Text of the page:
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Molecular and functional diversity of maize


Molecular and functional diversity of maize
Edward S Buckler1, Brandon S Gaut2 and Michael D McMullen3
Over the past 10 000 years, man has used the rich genetic diversity of the mai

ze genome as the raw material for domestication and subsequent crop improvement. Recent research efforts have made tremendous strides toward characterizing this diversity: structural diversity appears to be largely mediated by helitron transposable elements, patterns of diversity are yielding insights into the number and type of genes involved in maize domestication and improvement, and functional diversity experiments are leading to allele mining for future crop improvement. The development of genome sequence and germplasm resources are likely to further accelerate this progress.
Addresses 1 USDA-ARS; Department of Plant Breeding & Genetics, Cornell University, Ithaca, New York 14853, USA 2 Department of Ecology and Evolutionary Biology, University of California, Irvine, California 92697, USA 3 USDA-ARS; Department of Agronomy, University of Missouri, Columbia, Missouri 65211, USA Corresponding author: Buckler, Edward S (esb33@cornell.edu) Current Opinion in Plant Biology 2006, 9:172–176 This review comes from a themed issue on Genome studies and molecular genetics Edited by Susan R Wessler Available online 3rd February 2006 1369-5266/$ – see front matter # 2006 Elsevier Ltd. All rights reserved. DOI 10.1016/j.pbi.2006.01.013

has long been known to be genetically diverse. On the DNA sequence level, exotic and elite maize genotypes contain more diversity than humans, Drosophila [2] and many wild plants [3]. It has recently become clear, however, that such diversity cannot be captured fully by standard marker systems such as SSRs and single nucleotide polymorphisms (SNPs). For example, Fu and Dooner [4] uncovered substantial differences in bacterial arti?cial chromosome (BAC) sequences from the bronze (bz) region of two maize inbred lines, B73 and McC. One major difference between these lines was the complement of retroelements, which differed in number and location. More surprising was that the two lines appeared to differ in gene complement. In a region of about 150 kb, B73 and McC shared six genes but differed in four. Thus, a B73?McC hybrid would be hemizygous for 40% of genes in the bz genomic region. These observations raised more questions than answers. Is there something unique about the bz region or is variation in gene content a genome-wide component of maize diversity? How are the genes duplicated or moved? Are the genes functional after they have been moved? Larger studies of multiple regions have now con?rmed that non-homologies are the standard across the genomes of maize varieties [5,6]; incredibly, more than one-third of genes or gene fragments were speci?c to a line. In a follow-up paper, Dooner and coworkers [7] addressed some of these questions by sequencing the bz genomic region from an additional inbred line (Mo17). They noticed that insertions among lines contained subtle but consistent features, including a 50 -TC terminus, a 30 -CTRR terminus, an insertion site between the host nucleotides A and T, and a 16–20-bp palindrome near the 30 terminus. These are features of helitron transposable elements — a somewhat mysterious class of mobile DNA elements that might replicate by a rolling circle mechanism [8] — and they strongly suggest that helitrons are responsible for capturing and moving genes around the maize genome. In a parallel study, Morgante et al. [9] con?rmed that helitrons mediate gene movement among maize lines. In addition, these authors determined that the phenomenon is not limited to the bz region, because 20% of $21 000 genes (or gene fragments) differ in genome location between B73 and Mo17. Clearly contributing to polymorphism among modern maize, helitrons have been active recently and might still be active. The mechanism by which they capture and move genes, however, remains unknown. The functional effect of gene movement by helitrons and other transposon-like pack-MULEs (i.e.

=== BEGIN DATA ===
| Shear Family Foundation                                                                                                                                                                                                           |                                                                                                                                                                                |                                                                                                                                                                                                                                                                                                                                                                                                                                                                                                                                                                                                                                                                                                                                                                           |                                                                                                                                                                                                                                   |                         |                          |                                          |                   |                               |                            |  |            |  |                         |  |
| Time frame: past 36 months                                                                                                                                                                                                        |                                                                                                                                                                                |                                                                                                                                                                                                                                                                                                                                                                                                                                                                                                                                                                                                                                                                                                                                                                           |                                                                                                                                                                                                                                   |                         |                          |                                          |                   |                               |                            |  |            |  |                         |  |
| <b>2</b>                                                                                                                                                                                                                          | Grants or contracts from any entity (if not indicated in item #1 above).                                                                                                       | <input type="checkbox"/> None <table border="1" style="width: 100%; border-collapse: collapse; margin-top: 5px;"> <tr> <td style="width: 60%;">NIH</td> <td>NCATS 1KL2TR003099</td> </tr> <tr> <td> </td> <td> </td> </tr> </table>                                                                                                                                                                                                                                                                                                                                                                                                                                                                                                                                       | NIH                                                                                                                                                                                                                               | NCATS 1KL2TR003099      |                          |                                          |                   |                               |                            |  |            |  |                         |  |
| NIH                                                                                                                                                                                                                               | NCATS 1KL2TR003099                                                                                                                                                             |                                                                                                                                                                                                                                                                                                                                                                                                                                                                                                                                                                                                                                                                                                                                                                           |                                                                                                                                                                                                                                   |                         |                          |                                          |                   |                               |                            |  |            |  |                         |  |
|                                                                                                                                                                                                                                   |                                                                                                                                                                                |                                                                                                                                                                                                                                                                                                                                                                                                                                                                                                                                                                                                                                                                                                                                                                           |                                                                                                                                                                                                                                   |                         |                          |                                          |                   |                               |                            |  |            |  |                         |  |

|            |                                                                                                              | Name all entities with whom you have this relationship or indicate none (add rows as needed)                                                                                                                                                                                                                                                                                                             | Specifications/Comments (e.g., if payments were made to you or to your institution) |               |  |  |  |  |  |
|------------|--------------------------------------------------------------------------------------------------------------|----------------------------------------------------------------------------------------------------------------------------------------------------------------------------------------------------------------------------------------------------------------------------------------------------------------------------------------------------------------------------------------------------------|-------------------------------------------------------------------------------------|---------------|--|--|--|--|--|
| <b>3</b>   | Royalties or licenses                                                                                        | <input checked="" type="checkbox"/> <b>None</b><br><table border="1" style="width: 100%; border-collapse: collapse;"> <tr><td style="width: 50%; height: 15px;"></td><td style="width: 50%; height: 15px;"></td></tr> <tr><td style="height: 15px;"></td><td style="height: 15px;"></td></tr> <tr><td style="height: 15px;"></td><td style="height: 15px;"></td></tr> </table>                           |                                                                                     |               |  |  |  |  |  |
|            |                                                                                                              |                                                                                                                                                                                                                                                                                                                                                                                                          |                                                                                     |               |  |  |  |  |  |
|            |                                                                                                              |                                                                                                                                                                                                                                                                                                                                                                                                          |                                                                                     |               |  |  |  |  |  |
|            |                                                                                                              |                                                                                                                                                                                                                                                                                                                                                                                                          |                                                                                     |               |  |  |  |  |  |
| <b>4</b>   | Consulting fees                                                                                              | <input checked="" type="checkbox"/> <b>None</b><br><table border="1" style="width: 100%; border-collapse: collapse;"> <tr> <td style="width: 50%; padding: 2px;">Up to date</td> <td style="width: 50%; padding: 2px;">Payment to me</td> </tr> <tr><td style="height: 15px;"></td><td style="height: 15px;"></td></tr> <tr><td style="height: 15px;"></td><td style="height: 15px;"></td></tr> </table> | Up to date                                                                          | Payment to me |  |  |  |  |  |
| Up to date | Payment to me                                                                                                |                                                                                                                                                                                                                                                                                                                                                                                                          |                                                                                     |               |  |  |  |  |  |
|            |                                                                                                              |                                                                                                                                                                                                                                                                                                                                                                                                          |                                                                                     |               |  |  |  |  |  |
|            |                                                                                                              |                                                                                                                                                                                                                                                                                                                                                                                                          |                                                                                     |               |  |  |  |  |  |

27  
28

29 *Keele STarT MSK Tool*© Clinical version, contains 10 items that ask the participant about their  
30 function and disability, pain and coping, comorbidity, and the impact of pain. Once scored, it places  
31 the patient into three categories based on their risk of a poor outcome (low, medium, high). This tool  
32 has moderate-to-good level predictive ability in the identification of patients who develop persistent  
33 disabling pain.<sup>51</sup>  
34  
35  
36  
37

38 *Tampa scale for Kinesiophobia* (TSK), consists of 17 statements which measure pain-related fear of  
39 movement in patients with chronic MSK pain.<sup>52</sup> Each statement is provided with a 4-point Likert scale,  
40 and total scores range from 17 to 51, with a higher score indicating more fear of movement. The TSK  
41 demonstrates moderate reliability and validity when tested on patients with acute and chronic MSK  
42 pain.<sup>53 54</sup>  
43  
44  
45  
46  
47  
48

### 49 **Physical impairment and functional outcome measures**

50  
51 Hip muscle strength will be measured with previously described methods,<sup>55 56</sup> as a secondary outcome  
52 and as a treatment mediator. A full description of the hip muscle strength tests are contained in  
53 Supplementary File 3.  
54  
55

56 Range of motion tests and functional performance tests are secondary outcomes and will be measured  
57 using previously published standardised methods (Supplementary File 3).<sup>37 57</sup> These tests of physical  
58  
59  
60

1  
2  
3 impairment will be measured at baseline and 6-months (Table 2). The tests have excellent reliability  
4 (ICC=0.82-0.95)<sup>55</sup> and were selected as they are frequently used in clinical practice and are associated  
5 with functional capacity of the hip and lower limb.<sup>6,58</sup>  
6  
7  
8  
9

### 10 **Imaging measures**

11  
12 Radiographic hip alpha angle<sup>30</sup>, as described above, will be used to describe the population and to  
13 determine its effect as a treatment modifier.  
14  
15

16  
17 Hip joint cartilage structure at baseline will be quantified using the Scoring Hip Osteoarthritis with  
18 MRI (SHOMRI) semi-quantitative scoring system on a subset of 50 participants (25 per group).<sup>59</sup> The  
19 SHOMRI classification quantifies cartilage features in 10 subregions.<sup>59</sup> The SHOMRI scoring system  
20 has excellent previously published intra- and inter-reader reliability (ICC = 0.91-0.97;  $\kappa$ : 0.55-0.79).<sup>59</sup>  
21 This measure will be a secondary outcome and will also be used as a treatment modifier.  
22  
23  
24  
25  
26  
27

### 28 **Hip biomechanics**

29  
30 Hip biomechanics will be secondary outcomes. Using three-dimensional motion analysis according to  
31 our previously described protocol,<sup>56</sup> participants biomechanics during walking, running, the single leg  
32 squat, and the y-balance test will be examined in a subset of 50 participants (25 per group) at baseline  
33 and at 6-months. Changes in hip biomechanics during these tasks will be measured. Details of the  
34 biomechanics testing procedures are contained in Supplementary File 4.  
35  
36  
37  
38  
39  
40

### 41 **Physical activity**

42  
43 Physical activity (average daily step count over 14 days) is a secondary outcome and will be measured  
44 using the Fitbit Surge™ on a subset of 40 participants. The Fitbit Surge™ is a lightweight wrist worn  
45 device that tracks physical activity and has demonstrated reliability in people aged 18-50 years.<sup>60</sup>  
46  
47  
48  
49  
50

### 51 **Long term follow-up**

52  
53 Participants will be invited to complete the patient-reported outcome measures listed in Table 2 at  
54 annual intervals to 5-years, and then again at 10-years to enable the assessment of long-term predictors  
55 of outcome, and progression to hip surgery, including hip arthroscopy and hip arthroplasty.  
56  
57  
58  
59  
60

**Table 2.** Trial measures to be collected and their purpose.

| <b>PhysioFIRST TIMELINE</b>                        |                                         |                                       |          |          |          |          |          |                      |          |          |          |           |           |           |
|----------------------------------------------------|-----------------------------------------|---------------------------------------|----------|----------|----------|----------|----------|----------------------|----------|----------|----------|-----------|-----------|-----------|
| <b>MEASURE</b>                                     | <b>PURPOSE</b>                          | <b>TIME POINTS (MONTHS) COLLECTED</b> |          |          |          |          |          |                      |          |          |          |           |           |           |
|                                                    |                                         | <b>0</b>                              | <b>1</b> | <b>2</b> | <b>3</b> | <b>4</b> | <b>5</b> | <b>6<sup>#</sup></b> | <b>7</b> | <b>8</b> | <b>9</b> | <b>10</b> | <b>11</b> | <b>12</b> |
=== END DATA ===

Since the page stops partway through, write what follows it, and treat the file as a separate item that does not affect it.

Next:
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Introduction
The maize genome is a source of tremendous phenotypic and molecular diversity. Indeed, when considering nucleotide polymorphism in genes, two maize lines are on average as diverged from one another as humans are from chimpanzees [1,2]. Such abundant variation was ?rst used by Native Americans for domestication, and continues to be harnessed today by modern breeders for crop improvement. Here, we discuss recent advances in studies on the molecular and functional diversity of maize, including increased understanding of genome rearrangements and the ?rst large-scale identi?cation of the genes that are involved in domestication and maize improvement. In addition, we review the advent of positional cloning and association approaches that allow for the dissection of complex traits down to the gene and nucleotide level.

Molecular diversity
Whether measured by allozymes, microsatellites (or simple sequence repeats [SSRs]) or DNA sequences, maize